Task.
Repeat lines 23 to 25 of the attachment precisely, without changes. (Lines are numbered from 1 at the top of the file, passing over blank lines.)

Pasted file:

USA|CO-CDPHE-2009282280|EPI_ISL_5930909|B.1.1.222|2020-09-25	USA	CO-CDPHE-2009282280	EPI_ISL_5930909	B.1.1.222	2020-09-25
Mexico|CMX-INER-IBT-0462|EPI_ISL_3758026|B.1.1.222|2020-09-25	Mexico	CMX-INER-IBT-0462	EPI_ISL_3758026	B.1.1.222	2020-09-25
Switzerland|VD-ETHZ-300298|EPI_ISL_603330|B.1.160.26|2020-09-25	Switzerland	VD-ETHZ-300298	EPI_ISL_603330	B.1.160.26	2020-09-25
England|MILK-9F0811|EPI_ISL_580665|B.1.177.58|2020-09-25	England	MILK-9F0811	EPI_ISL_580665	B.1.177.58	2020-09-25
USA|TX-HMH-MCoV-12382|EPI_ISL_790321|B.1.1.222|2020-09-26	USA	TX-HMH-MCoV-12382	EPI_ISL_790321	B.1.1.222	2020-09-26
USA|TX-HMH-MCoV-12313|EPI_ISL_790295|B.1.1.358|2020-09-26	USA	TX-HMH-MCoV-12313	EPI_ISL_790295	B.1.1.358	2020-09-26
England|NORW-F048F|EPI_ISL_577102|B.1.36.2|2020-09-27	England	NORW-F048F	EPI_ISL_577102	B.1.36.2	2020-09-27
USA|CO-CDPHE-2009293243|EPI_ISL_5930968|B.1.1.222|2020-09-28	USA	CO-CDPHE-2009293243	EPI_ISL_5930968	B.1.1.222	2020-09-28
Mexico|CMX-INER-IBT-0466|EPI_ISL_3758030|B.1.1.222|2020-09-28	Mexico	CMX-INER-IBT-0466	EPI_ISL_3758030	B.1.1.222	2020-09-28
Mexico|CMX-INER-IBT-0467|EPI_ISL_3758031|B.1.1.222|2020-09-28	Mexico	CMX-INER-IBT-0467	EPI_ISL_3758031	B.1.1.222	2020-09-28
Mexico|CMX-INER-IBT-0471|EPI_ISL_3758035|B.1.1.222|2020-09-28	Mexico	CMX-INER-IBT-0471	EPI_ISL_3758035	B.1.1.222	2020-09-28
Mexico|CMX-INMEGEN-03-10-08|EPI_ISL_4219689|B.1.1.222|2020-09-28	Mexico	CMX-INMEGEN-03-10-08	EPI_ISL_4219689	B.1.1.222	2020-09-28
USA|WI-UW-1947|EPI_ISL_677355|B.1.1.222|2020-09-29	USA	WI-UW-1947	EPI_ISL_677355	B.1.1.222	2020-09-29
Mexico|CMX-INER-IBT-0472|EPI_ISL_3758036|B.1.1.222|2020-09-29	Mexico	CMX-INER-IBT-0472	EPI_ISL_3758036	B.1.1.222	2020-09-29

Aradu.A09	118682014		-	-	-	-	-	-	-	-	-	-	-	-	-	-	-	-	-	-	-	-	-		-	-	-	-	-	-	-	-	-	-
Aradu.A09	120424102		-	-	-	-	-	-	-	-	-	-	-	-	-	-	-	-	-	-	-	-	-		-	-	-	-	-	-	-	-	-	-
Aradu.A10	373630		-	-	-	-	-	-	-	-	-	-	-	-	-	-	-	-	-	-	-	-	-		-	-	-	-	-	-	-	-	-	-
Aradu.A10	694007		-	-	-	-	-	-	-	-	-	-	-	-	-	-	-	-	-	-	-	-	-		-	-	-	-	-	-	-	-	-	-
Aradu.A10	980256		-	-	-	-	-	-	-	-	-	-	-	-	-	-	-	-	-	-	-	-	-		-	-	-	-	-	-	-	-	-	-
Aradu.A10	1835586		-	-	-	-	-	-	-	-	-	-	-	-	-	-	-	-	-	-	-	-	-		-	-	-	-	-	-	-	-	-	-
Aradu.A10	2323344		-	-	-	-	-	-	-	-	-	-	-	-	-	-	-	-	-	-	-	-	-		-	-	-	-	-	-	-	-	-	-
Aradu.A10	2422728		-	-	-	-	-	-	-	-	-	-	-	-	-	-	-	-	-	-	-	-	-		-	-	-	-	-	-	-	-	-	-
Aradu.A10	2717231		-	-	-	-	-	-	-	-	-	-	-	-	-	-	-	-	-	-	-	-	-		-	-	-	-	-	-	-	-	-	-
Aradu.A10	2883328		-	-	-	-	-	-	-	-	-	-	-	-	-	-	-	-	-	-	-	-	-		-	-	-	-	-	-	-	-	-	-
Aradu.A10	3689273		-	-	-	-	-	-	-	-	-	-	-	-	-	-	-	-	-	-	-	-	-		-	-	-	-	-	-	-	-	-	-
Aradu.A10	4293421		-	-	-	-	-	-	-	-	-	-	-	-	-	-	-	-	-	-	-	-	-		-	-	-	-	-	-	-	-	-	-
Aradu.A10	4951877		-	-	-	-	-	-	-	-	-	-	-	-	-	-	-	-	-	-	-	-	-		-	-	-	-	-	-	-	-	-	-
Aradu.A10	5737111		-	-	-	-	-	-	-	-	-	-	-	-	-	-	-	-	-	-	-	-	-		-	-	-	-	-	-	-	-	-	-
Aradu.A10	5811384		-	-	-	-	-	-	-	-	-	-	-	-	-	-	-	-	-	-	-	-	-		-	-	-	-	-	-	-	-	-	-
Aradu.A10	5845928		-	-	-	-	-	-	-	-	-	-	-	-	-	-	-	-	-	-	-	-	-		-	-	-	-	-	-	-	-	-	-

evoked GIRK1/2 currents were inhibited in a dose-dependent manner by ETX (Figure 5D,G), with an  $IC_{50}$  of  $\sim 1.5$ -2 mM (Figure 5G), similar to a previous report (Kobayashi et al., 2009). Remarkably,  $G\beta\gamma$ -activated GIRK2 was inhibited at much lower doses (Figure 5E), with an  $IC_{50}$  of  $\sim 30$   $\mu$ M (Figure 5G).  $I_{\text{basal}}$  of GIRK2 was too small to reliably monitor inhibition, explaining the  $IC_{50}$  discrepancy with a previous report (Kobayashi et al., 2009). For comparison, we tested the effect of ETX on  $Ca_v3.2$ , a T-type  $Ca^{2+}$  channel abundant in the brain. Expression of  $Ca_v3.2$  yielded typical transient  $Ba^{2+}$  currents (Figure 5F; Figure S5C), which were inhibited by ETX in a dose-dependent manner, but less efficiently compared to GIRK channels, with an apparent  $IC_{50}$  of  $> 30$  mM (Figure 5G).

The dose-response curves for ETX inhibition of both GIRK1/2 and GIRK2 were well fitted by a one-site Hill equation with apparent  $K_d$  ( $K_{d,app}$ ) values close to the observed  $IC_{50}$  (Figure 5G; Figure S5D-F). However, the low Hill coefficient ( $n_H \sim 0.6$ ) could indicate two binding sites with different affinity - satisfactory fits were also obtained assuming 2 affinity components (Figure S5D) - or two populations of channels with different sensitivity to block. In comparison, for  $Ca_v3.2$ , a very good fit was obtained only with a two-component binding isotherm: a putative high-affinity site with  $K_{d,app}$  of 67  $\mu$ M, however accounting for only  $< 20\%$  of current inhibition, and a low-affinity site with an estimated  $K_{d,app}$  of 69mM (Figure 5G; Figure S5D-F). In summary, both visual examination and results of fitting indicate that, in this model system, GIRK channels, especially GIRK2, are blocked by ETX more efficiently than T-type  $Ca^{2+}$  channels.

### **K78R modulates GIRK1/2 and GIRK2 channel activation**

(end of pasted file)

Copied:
Aradu.A10	2717231		-	-	-	-	-	-	-	-	-	-	-	-	-	-	-	-	-	-	-	-	-		-	-	-	-	-	-	-	-	-	-
Aradu.A10	2883328		-	-	-	-	-	-	-	-	-	-	-	-	-	-	-	-	-	-	-	-	-		-	-	-	-	-	-	-	-	-	-
Aradu.A10	3689273		-	-	-	-	-	-	-	-	-	-	-	-	-	-	-	-	-	-	-	-	-		-	-	-	-	-	-	-	-	-	-